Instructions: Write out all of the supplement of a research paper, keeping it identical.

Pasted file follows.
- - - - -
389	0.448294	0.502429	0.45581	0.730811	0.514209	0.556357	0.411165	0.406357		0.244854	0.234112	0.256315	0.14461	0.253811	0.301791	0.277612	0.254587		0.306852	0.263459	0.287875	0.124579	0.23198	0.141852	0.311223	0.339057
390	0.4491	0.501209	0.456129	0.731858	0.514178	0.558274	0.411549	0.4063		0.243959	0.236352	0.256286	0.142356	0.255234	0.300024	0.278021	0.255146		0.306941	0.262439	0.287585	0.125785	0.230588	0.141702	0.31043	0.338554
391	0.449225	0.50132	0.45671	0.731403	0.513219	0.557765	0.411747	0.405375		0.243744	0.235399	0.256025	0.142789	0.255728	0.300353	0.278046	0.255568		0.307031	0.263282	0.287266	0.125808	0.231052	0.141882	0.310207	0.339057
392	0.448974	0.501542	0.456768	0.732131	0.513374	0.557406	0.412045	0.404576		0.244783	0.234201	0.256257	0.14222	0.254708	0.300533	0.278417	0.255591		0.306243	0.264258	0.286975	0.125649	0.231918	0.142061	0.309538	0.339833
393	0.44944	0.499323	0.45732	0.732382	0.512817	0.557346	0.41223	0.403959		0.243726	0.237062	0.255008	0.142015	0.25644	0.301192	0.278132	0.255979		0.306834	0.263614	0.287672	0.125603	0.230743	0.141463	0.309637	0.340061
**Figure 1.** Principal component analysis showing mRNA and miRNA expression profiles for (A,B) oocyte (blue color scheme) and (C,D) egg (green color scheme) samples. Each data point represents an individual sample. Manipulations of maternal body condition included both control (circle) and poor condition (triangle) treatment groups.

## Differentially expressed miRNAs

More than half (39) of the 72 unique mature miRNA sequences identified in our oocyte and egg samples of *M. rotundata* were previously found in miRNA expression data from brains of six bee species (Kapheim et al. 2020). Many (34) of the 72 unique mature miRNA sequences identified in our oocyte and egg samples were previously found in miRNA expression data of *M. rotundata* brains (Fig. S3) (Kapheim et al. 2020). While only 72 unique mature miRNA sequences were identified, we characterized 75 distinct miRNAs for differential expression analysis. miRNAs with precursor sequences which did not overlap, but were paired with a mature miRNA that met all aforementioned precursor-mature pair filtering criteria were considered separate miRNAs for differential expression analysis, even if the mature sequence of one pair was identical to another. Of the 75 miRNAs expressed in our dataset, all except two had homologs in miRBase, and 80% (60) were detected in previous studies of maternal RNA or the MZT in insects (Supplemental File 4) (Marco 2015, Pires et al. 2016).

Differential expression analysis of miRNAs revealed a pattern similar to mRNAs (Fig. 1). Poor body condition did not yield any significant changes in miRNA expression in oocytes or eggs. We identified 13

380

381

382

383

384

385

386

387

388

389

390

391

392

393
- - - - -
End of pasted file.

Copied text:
389	0.448294	0.502429	0.45581	0.730811	0.514209	0.556357	0.411165	0.406357		0.244854	0.234112	0.256315	0.14461	0.253811	0.301791	0.277612	0.254587		0.306852	0.263459	0.287875	0.124579	0.23198	0.141852	0.311223	0.339057
390	0.4491	0.501209	0.456129	0.731858	0.514178	0.558274	0.411549	0.4063		0.243959	0.236352	0.256286	0.142356	0.255234	0.300024	0.278021	0.255146		0.306941	0.262439	0.287585	0.125785	0.230588	0.141702	0.31043	0.338554
391	0.449225	0.50132	0.45671	0.731403	0.513219	0.557765	0.411747	0.405375		0.243744	0.235399	0.256025	0.142789	0.255728	0.300353	0.278046	0.255568		0.307031	0.263282	0.287266	0.125808	0.231052	0.141882	0.310207	0.339057
392	0.448974	0.501542	0.456768	0.732131	0.513374	0.557406	0.412045	0.404576		0.244783	0.234201	0.256257	0.14222	0.254708	0.300533	0.278417	0.255591		0.306243	0.264258	0.286975	0.125649	0.231918	0.142061	0.309538	0.339833
393	0.44944	0.499323	0.45732	0.732382	0.512817	0.557346	0.41223	0.403959		0.243726	0.237062	0.255008	0.142015	0.25644	0.301192	0.278132	0.255979		0.306834	0.263614	0.287672	0.125603	0.230743	0.141463	0.309637	0.340061
**Figure 1.** Principal component analysis showing mRNA and miRNA expression profiles for (A,B) oocyte (blue color scheme) and (C,D) egg (green color scheme) samples. Each data point represents an individual sample. Manipulations of maternal body condition included both control (circle) and poor condition (triangle) treatment groups.

## Differentially expressed miRNAs

More than half (39) of the 72 unique mature miRNA sequences identified in our oocyte and egg samples of *M. rotundata* were previously found in miRNA expression data from brains of six bee species (Kapheim et al. 2020). Many (34) of the 72 unique mature miRNA sequences identified in our oocyte and egg samples were previously found in miRNA expression data of *M. rotundata* brains (Fig. S3) (Kapheim et al. 2020). While only 72 unique mature miRNA sequences were identified, we characterized 75 distinct miRNAs for differential expression analysis. miRNAs with precursor sequences which did not overlap, but were paired with a mature miRNA that met all aforementioned precursor-mature pair filtering criteria were considered separate miRNAs for differential expression analysis, even if the mature sequence of one pair was identical to another. Of the 75 miRNAs expressed in our dataset, all except two had homologs in miRBase, and 80% (60) were detected in previous studies of maternal RNA or the MZT in insects (Supplemental File 4) (Marco 2015, Pires et al. 2016).

Differential expression analysis of miRNAs revealed a pattern similar to mRNAs (Fig. 1). Poor body condition did not yield any significant changes in miRNA expression in oocytes or eggs. We identified 13

380

381

382

383

384

385

386

387

388

389

390

391

392

393